You probably don’t know this, but May is Older Americans Month (and has been since 1963). This year’s theme is Make Your Mark – celebrating contributions older Americans make to communities—as volunteers, parents, grandparents, and more.
But as many Americans get older “not being a burden” would likely be part of their ideal Mark.
So here are a few things that adult children can do to help parents and grandparents keep their lives and financial future intact.
Ask the questions: first, you have to be willing to have more than one potentially awkward conversation. “Hey, Mom/Dad, where do you keep important documents?” is never going to be anyone’s favorite ask, but it’s crucial to know the answer. Being able to retrieve health-care directives, the will, a deed or mortgage document, car title, life insurance policy, social security statements, and savings/investment accounts info means you’ll be able to help them deal with finances and medical situations the way they would want.
What’s generally not understood is that one of the most important aspects of an aging plan is knowing where to find help when an unexpected or even a worst-case scenario happens, and how to deal with real-life consequences. Do your parents know? The answer for many situations is to contact the Administration for Community Living’s Eldercare Index for services to help solve issues ranging from medical transportation to caregiving that are located in your parents’ zip code. The ACL is part of the Department of Health and Human Services. More help can be found through their local Network of Area Agencies on Aging. Next, ask if there is a financial plan or an Advisor/Counselor? If not promote the idea of why they may need one or both to help protect them and to make sure they keep their money for themselves.
Every year, according to Adult Protective Services, senior citizens hand over billions of dollars to scammers yet the numbers of reported cases to authorities are about one out of 44 cases.
Even an ace 75-year-old former stockbroker can get caught up in a phony call from someone posing as a favorite grandson’s “friend,” scaring granddad to wire bail money for his grandson’s release for driving under the influence.
If lucky, Western Union or Granddad’s bank or financial advisor might prevent the transaction.
But why are we relying on luck? Keep your parents in the know about common crimes and scams. Every month the FBI releases a list of top crimes, which now includes the latest pandemic government scams. Last week, bipartisan legislation, The Protecting Seniors from Emergency Scams Act, was introduced to help seniors and caregivers become informed during the pandemic and to provide contacts for law enforcement and adult protective services.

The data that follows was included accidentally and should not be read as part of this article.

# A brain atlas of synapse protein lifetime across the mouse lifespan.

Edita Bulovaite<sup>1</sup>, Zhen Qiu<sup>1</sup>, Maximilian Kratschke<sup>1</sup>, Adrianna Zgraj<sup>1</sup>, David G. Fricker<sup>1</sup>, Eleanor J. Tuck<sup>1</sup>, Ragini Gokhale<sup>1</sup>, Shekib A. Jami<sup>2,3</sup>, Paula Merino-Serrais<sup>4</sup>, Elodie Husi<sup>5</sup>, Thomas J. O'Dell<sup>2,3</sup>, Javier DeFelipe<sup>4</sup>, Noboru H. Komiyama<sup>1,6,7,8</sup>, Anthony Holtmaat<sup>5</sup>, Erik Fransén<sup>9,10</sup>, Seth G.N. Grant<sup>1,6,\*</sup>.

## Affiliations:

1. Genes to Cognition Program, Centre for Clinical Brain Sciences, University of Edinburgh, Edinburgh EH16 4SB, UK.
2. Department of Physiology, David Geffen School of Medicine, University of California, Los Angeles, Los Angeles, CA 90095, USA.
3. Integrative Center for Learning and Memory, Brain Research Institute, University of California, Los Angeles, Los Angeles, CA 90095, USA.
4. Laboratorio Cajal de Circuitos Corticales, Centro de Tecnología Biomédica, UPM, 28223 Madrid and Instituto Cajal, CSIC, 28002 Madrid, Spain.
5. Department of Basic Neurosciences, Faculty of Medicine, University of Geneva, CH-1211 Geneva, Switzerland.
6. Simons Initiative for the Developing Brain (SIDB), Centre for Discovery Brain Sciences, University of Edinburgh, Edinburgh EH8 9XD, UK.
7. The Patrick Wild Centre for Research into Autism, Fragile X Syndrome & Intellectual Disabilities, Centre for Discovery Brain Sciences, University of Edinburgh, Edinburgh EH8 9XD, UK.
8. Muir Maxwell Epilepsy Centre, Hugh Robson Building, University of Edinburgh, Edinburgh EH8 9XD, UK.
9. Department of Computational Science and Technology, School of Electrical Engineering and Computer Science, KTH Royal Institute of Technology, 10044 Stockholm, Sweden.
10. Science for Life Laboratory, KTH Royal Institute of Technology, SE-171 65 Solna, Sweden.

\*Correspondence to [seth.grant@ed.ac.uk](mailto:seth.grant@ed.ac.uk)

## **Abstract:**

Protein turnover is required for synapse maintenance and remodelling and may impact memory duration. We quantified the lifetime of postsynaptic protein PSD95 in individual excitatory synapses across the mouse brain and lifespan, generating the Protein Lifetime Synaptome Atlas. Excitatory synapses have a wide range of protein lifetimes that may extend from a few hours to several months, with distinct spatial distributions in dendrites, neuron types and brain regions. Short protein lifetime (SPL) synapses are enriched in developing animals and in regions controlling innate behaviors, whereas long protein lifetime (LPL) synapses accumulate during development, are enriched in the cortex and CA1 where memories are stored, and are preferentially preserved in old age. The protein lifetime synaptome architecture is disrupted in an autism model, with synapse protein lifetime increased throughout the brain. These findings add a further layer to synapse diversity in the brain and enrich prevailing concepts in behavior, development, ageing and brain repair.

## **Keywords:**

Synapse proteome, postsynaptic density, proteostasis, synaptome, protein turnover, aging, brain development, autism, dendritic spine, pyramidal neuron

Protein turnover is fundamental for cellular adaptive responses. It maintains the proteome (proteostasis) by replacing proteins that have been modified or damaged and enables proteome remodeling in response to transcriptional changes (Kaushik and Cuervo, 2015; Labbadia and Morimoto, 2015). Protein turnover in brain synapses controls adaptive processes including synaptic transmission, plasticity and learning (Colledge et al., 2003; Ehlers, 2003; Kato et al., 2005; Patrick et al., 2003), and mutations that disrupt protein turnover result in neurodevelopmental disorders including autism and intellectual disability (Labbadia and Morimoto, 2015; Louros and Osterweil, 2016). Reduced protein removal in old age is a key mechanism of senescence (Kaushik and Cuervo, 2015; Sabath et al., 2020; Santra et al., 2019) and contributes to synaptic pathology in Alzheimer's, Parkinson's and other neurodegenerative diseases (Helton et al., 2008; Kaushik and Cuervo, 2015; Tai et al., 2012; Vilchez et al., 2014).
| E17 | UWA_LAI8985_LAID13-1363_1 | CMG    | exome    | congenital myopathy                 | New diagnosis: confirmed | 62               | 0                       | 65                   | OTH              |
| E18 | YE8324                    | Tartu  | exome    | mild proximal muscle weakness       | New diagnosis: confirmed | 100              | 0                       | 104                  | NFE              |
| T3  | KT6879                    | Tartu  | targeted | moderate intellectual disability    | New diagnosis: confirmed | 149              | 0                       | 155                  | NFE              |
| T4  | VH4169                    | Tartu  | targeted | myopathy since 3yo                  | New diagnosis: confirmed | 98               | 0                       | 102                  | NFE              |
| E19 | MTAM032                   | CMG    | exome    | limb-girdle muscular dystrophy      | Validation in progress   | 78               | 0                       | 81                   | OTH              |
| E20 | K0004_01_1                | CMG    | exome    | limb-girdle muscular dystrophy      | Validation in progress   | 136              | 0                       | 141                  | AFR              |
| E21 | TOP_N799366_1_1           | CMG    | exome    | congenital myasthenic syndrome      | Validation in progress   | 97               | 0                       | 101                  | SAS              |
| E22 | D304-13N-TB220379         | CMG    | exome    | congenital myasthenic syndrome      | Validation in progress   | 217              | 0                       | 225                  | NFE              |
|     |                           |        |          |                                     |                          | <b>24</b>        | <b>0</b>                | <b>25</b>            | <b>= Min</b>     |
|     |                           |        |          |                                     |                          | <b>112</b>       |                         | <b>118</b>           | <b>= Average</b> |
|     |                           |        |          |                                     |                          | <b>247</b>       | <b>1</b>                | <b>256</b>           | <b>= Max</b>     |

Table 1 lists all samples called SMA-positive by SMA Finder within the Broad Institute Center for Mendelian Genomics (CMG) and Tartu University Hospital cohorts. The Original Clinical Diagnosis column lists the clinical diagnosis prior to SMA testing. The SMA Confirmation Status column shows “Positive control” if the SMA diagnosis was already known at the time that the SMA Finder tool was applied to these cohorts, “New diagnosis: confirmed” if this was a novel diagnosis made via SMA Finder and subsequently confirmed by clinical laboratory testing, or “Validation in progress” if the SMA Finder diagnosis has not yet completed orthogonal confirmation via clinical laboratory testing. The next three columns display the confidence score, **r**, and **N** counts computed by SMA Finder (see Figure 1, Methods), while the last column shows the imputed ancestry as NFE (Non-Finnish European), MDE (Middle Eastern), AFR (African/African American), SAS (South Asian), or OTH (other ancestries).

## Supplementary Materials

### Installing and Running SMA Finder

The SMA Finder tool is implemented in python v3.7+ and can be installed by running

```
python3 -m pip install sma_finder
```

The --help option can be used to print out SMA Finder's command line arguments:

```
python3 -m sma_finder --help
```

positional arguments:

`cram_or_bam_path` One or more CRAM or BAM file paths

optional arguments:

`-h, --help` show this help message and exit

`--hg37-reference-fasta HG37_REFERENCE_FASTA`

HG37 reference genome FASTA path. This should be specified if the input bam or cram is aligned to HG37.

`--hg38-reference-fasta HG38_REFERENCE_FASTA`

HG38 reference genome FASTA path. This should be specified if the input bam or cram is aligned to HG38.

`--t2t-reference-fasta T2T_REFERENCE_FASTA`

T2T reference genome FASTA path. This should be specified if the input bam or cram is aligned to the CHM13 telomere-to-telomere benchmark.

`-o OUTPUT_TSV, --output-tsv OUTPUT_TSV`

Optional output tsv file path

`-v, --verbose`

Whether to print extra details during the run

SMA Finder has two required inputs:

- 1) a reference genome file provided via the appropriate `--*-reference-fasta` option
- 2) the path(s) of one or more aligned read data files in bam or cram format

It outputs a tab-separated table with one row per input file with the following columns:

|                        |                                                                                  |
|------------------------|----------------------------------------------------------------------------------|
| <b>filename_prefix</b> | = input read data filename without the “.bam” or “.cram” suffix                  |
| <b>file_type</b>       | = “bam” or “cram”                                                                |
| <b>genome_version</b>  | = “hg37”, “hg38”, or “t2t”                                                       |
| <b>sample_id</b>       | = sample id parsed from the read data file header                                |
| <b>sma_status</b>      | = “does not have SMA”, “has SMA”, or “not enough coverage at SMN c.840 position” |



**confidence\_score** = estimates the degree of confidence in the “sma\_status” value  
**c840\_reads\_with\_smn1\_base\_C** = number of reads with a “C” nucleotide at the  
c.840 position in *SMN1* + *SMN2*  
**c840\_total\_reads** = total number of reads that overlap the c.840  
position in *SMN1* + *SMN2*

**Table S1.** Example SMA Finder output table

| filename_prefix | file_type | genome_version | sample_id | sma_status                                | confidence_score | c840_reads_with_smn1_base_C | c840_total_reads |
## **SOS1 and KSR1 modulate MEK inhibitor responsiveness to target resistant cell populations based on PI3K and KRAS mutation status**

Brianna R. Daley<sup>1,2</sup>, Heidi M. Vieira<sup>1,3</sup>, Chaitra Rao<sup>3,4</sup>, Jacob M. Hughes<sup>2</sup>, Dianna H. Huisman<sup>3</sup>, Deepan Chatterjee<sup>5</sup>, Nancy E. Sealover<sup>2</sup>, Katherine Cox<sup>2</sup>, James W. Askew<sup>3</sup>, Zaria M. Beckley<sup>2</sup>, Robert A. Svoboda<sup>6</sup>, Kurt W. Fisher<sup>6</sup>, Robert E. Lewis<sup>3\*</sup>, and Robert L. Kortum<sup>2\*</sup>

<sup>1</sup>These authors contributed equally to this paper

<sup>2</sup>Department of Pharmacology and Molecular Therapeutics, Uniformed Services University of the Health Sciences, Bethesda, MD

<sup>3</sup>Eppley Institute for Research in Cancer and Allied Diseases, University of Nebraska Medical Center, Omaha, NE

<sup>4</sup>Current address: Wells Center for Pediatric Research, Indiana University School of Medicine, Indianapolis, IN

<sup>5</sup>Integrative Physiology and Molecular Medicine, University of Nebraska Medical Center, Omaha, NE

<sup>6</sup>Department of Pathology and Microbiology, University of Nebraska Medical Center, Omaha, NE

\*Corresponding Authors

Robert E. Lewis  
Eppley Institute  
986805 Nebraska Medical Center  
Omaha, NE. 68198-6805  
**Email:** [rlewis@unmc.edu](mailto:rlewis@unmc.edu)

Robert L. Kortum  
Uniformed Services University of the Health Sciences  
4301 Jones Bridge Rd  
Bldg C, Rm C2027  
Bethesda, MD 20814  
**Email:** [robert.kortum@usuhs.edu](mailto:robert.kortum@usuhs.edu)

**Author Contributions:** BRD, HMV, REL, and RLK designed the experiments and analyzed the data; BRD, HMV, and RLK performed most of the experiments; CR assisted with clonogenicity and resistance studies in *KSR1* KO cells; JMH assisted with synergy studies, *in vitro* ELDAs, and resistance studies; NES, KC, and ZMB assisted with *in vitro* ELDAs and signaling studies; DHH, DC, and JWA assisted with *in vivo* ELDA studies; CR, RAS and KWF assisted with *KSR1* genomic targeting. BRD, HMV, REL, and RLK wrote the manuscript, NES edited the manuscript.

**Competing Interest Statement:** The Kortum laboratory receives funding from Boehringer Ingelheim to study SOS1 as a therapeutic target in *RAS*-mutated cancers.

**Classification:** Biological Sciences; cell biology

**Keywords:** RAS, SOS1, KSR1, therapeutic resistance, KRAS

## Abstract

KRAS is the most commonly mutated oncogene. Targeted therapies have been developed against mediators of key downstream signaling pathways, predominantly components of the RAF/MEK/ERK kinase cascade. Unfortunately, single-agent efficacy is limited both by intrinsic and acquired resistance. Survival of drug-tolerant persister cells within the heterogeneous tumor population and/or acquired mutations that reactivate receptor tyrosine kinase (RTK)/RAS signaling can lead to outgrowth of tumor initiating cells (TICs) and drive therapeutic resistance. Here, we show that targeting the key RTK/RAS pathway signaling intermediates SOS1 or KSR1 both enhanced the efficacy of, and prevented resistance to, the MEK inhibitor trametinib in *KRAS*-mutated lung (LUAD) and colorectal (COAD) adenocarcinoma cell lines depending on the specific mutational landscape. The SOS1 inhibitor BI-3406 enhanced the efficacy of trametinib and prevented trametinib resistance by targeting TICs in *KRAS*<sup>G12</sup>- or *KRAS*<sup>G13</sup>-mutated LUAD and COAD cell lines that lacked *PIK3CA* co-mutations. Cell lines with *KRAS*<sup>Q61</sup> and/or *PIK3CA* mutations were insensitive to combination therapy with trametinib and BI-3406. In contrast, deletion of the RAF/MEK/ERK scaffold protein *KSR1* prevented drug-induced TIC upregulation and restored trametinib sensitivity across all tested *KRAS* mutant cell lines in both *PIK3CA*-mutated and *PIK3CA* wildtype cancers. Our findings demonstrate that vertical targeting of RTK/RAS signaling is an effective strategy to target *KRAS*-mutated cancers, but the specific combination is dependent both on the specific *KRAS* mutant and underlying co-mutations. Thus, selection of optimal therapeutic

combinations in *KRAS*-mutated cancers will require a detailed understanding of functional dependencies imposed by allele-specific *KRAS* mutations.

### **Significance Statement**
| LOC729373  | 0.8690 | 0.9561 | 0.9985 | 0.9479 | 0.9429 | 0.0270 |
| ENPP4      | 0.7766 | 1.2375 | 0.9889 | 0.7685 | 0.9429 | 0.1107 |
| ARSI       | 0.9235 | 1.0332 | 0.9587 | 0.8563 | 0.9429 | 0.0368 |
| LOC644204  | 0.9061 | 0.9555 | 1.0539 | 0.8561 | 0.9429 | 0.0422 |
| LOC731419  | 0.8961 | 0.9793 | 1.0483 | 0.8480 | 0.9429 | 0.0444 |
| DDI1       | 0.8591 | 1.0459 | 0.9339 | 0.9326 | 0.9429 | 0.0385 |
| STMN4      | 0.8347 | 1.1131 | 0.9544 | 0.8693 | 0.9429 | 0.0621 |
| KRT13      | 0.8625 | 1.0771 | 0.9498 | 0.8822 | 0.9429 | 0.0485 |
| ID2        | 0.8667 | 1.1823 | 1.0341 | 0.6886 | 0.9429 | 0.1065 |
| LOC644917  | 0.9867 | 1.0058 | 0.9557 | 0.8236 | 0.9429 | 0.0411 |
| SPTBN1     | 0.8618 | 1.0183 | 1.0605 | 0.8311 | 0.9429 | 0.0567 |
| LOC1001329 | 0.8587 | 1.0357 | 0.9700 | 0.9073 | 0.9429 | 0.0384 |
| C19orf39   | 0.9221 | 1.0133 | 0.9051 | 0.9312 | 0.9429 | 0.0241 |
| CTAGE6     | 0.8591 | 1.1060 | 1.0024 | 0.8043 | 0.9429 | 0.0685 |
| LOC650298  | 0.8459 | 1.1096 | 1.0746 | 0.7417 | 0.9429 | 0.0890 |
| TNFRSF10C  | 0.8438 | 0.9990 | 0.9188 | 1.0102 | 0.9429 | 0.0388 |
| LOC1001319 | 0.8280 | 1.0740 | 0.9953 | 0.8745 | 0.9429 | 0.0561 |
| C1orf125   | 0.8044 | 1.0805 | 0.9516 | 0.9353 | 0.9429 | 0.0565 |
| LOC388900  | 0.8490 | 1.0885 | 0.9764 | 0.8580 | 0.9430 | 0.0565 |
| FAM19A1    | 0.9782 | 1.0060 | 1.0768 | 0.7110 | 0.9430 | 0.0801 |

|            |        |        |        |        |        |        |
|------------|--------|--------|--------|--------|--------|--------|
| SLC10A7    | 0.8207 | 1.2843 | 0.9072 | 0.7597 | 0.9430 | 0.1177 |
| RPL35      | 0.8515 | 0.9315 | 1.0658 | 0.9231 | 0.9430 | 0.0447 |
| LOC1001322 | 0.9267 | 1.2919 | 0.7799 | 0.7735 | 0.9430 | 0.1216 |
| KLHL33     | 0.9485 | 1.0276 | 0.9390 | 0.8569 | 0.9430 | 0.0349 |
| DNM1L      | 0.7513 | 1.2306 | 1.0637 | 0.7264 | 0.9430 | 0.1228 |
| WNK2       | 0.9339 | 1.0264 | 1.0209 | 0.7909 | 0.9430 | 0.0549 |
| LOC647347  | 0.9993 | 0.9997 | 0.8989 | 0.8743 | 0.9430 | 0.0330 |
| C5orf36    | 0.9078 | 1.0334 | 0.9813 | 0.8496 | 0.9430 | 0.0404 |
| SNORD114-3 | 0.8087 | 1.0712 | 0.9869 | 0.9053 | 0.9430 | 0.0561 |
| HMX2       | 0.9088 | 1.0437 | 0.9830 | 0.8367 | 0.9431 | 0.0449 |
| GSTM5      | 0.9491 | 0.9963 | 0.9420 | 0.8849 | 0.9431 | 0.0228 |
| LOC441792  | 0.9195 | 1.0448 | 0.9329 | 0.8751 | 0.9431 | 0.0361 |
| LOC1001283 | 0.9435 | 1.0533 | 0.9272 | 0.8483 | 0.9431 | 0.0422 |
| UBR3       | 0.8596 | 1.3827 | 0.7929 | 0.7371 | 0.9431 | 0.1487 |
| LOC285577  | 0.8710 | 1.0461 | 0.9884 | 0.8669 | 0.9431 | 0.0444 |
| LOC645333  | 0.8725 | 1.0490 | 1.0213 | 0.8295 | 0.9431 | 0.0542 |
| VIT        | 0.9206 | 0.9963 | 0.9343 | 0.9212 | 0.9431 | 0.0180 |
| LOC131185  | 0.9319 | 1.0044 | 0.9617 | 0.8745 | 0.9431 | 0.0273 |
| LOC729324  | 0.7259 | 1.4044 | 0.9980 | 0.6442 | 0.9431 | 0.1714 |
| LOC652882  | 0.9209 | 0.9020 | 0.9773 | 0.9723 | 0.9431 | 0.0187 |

You can also put up a warning sign next to the phone about government fraudsters and let parents know they can call you and you can help them file a complaint directly: Contact the Justice Department Consumer Fraud for helpful resources and assistance with reporting. Reducing financial exploitation over the long-term will reduce demands on Medicare, Medicaid and other publicly-funded programs – almost one in ten financial abuse victims turn to Medicaid as a direct result of their savings being stolen.
Getting up to speed on the kind of financial plan your parents need is especially important if they are not financially sophisticated and managing without professional help. Ideally, they’ll be able to cover basic expenses with savings and an age-related annual income stream—such as Social Security benefits, pensions, life insurance, annuities and investment dividends. Sometimes people lose track of benefits along the way or never knew they were eligible if their old company went out of business. Make sure they don’t miss out by checking through the government’s ‘finding a lost pension’ database, and search missing participants.
If they own their home, that equity counts as part of their savings; they could always consider a reverse mortgage to raise funds (though beware – there are many issues to consider as well as the possibility of scams). Check out the National Council on Aging for helpful information.
Finally, make sure everyone in the extended family understands that your parents -especially if one of them lives alone — cannot afford to part with chunks of money.
So, help your parents, work with your siblings, and you’ll Make Your Mark as a person and as a helpful family member. Also—and honestly, you deserve this—you’ll be setting a good example for your own kids of how to be there for your parents.